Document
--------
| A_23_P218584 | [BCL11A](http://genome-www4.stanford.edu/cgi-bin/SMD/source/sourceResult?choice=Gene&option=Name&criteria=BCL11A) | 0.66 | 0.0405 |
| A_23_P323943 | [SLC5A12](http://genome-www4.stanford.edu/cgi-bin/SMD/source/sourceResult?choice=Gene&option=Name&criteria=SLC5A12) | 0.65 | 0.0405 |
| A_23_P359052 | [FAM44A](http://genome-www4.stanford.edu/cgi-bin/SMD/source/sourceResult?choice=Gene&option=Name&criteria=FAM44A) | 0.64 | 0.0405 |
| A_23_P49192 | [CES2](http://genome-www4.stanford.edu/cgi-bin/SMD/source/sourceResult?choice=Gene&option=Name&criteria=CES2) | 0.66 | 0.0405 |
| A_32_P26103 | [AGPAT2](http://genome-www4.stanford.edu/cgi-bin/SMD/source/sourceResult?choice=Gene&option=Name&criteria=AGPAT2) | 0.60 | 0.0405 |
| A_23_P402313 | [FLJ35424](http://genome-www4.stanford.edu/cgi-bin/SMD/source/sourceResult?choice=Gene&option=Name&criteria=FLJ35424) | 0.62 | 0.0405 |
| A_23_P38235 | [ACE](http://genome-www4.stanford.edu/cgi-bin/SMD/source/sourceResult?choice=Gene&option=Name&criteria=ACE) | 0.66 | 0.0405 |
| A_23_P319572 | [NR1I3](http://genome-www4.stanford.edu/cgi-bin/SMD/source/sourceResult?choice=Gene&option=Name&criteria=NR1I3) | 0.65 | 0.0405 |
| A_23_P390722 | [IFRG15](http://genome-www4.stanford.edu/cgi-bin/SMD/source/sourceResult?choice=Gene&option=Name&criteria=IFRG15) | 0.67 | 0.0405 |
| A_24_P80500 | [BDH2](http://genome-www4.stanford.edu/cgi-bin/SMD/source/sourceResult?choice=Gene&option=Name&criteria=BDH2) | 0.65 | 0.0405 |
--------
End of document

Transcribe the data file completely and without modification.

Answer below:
| A_23_P218584 | [BCL11A](http://genome-www4.stanford.edu/cgi-bin/SMD/source/sourceResult?choice=Gene&option=Name&criteria=BCL11A) | 0.66 | 0.0405 |
| A_23_P323943 | [SLC5A12](http://genome-www4.stanford.edu/cgi-bin/SMD/source/sourceResult?choice=Gene&option=Name&criteria=SLC5A12) | 0.65 | 0.0405 |
| A_23_P359052 | [FAM44A](http://genome-www4.stanford.edu/cgi-bin/SMD/source/sourceResult?choice=Gene&option=Name&criteria=FAM44A) | 0.64 | 0.0405 |
| A_23_P49192 | [CES2](http://genome-www4.stanford.edu/cgi-bin/SMD/source/sourceResult?choice=Gene&option=Name&criteria=CES2) | 0.66 | 0.0405 |
| A_32_P26103 | [AGPAT2](http://genome-www4.stanford.edu/cgi-bin/SMD/source/sourceResult?choice=Gene&option=Name&criteria=AGPAT2) | 0.60 | 0.0405 |
| A_23_P402313 | [FLJ35424](http://genome-www4.stanford.edu/cgi-bin/SMD/source/sourceResult?choice=Gene&option=Name&criteria=FLJ35424) | 0.62 | 0.0405 |
| A_23_P38235 | [ACE](http://genome-www4.stanford.edu/cgi-bin/SMD/source/sourceResult?choice=Gene&option=Name&criteria=ACE) | 0.66 | 0.0405 |
| A_23_P319572 | [NR1I3](http://genome-www4.stanford.edu/cgi-bin/SMD/source/sourceResult?choice=Gene&option=Name&criteria=NR1I3) | 0.65 | 0.0405 |
| A_23_P390722 | [IFRG15](http://genome-www4.stanford.edu/cgi-bin/SMD/source/sourceResult?choice=Gene&option=Name&criteria=IFRG15) | 0.67 | 0.0405 |
| A_24_P80500 | [BDH2](http://genome-www4.stanford.edu/cgi-bin/SMD/source/sourceResult?choice=Gene&option=Name&criteria=BDH2) | 0.65 | 0.0405 |